But remember that stocks do occasionally move because of direct actions taken by management. They do move because business can improve or get better. They can advance because people are fired and better people are moved in. The fundamentals do matter to all except for those who don't care to know them, or don't think they need to know them, or don't have the time to find out about them.

It is that troika of stooges I just mentioned that has been blown out by this rally a long time ago. They desperately need the market to go down in order for them to validate their positions, if not their existence.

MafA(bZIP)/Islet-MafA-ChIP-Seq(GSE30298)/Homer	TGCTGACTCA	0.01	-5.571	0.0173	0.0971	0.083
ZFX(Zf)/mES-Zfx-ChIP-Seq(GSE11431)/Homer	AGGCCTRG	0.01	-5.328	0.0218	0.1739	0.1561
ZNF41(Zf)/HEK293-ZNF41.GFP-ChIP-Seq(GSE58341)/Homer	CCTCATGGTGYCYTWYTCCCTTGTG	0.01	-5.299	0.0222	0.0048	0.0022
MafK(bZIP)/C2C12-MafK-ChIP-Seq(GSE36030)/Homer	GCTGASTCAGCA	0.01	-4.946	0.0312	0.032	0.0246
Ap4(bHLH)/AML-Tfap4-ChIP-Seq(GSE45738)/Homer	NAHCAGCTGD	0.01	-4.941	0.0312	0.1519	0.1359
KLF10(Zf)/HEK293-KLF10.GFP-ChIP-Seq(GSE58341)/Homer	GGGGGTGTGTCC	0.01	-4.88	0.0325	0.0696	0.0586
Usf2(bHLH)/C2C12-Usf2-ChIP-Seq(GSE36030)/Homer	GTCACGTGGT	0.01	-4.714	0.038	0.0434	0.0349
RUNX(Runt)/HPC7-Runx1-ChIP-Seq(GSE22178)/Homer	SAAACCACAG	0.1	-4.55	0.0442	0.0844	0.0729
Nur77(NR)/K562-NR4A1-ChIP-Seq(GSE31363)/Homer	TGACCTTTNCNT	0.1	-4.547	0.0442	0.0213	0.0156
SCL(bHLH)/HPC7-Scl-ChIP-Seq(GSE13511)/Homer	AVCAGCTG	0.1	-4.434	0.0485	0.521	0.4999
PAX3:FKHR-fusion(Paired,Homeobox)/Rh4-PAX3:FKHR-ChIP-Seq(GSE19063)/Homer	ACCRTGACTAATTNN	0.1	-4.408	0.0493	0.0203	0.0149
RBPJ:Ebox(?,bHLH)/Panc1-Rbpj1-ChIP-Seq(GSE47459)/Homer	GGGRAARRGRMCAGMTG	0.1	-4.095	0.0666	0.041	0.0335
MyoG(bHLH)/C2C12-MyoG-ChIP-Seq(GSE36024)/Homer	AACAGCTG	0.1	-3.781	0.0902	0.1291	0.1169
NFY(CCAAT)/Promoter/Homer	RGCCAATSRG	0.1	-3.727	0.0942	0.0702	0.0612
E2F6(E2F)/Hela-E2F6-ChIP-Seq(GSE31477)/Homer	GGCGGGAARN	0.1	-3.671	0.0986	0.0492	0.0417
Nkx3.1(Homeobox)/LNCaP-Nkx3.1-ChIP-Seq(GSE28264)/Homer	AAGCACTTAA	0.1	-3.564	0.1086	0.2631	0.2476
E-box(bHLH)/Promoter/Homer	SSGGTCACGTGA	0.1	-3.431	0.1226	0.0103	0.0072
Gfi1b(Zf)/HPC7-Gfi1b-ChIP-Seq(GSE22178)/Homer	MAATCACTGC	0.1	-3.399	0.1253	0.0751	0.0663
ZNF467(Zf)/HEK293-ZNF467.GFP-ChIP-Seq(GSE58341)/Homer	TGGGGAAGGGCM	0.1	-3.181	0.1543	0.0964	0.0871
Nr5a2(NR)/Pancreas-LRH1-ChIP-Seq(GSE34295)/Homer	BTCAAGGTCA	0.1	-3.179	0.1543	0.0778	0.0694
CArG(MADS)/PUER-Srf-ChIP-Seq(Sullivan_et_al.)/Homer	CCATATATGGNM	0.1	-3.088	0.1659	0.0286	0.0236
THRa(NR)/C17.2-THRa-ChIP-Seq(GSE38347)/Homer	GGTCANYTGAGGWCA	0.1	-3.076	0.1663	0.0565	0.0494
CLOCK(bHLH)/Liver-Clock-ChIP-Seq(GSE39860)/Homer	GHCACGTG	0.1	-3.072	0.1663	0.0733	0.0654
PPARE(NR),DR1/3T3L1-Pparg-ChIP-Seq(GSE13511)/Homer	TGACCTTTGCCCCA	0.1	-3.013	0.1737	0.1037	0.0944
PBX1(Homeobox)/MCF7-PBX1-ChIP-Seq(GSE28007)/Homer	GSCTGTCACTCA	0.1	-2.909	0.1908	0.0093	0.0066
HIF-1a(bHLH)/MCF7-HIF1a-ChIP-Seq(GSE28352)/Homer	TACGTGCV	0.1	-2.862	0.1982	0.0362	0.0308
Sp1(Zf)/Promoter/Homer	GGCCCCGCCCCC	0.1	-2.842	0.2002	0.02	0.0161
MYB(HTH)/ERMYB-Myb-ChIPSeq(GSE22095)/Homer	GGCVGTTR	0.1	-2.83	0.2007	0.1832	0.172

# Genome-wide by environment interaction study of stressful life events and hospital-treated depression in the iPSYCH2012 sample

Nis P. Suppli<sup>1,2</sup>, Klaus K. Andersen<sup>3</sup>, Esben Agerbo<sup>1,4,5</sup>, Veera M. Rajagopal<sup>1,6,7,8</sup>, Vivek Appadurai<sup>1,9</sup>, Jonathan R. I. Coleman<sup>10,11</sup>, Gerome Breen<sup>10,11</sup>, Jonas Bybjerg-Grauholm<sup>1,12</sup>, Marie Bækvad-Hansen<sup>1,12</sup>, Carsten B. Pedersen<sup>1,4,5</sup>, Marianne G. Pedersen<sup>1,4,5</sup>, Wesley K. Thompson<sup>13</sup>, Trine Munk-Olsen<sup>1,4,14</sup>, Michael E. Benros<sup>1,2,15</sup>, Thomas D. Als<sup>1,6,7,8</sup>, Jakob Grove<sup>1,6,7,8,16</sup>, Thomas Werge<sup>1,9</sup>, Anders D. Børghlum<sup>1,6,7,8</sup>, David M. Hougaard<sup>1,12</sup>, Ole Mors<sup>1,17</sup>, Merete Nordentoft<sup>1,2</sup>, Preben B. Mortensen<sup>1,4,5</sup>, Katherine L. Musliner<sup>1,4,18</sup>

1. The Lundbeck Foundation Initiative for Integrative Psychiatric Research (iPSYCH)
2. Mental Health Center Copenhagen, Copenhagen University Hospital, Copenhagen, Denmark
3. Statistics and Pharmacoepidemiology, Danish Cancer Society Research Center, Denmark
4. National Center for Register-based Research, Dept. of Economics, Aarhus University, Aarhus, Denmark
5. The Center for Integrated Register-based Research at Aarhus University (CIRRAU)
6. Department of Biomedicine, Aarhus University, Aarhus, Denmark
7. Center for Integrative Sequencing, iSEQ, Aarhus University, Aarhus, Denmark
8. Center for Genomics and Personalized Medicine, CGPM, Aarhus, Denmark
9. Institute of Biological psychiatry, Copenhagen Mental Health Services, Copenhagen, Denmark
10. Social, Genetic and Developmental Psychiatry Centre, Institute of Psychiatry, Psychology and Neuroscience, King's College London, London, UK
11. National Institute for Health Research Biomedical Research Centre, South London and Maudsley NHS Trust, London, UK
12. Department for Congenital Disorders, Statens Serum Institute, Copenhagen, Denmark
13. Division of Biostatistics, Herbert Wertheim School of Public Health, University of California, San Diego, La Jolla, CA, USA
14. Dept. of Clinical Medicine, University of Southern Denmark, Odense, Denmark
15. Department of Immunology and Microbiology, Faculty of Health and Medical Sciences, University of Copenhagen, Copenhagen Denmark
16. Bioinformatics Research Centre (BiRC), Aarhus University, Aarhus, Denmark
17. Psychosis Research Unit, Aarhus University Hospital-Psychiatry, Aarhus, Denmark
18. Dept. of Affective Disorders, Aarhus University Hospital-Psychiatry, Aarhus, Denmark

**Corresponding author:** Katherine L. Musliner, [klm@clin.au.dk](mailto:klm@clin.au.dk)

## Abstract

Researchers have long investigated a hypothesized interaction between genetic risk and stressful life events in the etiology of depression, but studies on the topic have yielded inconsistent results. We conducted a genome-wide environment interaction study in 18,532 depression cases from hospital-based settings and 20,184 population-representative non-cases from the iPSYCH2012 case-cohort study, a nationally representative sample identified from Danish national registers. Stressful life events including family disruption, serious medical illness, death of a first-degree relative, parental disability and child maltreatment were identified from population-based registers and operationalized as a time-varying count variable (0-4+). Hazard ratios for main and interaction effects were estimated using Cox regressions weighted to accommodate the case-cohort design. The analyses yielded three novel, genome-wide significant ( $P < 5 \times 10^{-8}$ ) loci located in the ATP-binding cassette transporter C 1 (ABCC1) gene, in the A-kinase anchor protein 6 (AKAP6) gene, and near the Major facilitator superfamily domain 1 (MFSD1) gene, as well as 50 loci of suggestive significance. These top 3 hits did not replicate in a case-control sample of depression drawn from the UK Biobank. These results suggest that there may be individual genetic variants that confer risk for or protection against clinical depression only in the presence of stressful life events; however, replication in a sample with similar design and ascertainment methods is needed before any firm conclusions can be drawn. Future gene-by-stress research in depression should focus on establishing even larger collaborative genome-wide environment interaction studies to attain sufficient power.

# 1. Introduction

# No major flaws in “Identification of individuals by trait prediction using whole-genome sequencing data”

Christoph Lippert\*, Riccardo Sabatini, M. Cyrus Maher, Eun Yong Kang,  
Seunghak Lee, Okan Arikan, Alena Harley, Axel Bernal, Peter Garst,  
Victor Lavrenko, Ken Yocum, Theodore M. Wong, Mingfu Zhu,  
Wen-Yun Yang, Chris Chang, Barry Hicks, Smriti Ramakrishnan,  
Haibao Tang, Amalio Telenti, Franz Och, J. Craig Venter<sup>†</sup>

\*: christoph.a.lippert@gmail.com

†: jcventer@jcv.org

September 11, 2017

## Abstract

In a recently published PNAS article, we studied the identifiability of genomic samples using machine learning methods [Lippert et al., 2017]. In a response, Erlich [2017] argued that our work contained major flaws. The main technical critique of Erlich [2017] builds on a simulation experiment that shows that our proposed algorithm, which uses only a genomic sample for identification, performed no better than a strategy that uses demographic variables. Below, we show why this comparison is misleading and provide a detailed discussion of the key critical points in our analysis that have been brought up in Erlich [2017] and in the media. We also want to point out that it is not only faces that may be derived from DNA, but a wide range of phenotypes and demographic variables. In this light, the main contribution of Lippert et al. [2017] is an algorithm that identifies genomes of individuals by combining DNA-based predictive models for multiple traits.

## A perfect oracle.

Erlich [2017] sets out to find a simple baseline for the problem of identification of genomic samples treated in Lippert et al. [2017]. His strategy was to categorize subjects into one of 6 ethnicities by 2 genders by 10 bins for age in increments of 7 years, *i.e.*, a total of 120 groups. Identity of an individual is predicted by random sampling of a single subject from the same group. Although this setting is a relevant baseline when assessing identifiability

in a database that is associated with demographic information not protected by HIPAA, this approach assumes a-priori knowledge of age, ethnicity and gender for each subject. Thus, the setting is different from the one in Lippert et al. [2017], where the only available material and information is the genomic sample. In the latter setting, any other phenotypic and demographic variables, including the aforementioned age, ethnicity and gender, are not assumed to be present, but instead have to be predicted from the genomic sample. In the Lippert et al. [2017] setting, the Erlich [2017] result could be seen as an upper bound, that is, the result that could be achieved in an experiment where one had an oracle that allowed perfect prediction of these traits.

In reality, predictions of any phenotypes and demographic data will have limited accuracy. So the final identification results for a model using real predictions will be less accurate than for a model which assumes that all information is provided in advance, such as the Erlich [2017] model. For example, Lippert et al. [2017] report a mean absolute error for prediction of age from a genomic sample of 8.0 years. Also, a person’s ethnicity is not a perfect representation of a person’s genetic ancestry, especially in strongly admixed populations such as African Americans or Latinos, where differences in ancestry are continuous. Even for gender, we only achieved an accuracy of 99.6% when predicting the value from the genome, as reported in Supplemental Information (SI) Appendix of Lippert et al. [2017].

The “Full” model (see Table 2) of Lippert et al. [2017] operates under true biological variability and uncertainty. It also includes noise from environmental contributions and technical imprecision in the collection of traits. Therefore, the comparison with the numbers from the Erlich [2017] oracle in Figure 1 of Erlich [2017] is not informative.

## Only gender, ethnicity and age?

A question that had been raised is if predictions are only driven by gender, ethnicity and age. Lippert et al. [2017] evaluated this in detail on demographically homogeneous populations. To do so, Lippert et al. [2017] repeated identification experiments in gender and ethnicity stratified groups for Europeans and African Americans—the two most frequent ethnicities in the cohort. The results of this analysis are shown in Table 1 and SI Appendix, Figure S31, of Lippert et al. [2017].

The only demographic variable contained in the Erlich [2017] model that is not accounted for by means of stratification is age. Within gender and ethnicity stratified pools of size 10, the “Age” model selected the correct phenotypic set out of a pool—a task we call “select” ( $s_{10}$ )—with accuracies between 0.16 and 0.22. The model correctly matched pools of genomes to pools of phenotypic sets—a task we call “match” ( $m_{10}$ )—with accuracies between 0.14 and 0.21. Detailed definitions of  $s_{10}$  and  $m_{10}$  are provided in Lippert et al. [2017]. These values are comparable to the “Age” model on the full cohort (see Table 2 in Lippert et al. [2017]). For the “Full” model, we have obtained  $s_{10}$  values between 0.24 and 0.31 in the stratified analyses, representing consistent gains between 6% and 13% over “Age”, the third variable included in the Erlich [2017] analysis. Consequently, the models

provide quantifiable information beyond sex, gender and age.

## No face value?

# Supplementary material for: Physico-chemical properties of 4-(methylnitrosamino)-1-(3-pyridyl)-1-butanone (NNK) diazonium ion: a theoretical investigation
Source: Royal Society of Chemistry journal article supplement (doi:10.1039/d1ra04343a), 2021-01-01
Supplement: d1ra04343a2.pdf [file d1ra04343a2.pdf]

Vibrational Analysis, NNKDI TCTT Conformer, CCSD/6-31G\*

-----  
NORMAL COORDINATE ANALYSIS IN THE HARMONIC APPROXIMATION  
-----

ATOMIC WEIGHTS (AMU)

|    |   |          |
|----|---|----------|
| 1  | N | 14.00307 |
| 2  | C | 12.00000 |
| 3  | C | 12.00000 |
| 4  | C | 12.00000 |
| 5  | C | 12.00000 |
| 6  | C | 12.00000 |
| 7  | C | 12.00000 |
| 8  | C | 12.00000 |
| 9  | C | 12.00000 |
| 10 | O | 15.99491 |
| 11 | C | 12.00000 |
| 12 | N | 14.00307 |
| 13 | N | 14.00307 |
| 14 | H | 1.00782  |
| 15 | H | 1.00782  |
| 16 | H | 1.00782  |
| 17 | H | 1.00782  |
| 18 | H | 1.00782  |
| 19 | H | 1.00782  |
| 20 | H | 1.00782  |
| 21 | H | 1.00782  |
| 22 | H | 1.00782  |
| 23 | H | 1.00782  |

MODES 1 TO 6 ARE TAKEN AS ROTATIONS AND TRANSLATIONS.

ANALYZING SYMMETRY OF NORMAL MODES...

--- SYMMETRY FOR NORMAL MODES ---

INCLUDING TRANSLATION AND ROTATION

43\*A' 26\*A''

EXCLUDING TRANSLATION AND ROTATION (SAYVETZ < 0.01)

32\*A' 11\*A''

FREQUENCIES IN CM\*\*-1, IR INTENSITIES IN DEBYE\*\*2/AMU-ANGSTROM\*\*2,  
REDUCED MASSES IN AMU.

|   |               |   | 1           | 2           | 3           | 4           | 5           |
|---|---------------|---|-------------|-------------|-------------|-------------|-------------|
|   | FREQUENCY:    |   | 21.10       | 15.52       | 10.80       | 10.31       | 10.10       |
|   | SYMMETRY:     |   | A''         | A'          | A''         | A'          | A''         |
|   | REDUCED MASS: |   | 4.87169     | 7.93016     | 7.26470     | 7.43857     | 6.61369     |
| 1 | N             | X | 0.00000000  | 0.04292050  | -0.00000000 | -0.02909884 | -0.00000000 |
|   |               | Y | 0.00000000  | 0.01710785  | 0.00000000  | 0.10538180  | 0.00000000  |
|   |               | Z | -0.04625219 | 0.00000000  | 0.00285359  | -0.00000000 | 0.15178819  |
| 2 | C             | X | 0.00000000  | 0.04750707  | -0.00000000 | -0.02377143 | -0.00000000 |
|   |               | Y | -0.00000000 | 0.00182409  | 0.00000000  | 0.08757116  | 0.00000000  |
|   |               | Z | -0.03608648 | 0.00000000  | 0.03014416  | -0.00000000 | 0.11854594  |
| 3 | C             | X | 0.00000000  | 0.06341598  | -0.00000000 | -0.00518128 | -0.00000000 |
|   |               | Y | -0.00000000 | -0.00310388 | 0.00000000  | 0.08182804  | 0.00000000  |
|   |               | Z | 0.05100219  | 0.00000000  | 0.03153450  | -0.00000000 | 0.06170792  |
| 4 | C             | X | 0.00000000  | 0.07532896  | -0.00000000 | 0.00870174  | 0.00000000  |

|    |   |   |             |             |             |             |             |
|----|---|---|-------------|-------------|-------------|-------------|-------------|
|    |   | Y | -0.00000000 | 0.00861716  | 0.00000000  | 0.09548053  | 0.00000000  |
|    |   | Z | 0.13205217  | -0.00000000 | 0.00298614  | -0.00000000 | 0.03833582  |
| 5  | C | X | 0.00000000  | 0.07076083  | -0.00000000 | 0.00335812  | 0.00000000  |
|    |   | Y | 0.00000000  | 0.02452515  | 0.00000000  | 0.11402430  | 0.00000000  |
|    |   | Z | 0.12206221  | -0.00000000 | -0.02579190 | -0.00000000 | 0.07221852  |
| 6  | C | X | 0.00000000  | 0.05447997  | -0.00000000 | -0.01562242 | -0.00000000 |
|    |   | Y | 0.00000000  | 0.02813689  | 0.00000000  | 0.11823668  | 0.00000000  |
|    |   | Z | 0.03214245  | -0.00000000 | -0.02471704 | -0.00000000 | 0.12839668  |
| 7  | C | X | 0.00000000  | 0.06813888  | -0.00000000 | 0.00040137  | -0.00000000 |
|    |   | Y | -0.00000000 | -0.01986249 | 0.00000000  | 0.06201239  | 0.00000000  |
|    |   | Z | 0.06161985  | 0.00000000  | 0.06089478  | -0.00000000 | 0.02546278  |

So sell the market down for them. Let them be right for a change. Give them a solid chance to recharge their frayed or exploding batteries, and get some dignity.

Then we will look to see who is improving, what's gotten better, and what's gotten worse, and we will figure out how to value the future earnings of given stocks by their given prospects. Because I don't know what the heck all of that mumbo jumbo has to do with the price-to-earnings multiple of Bristol-Myers.

Action Alerts PLUS, which Cramer co-manages as a charitable trust, has no positions in the stocks mentioned.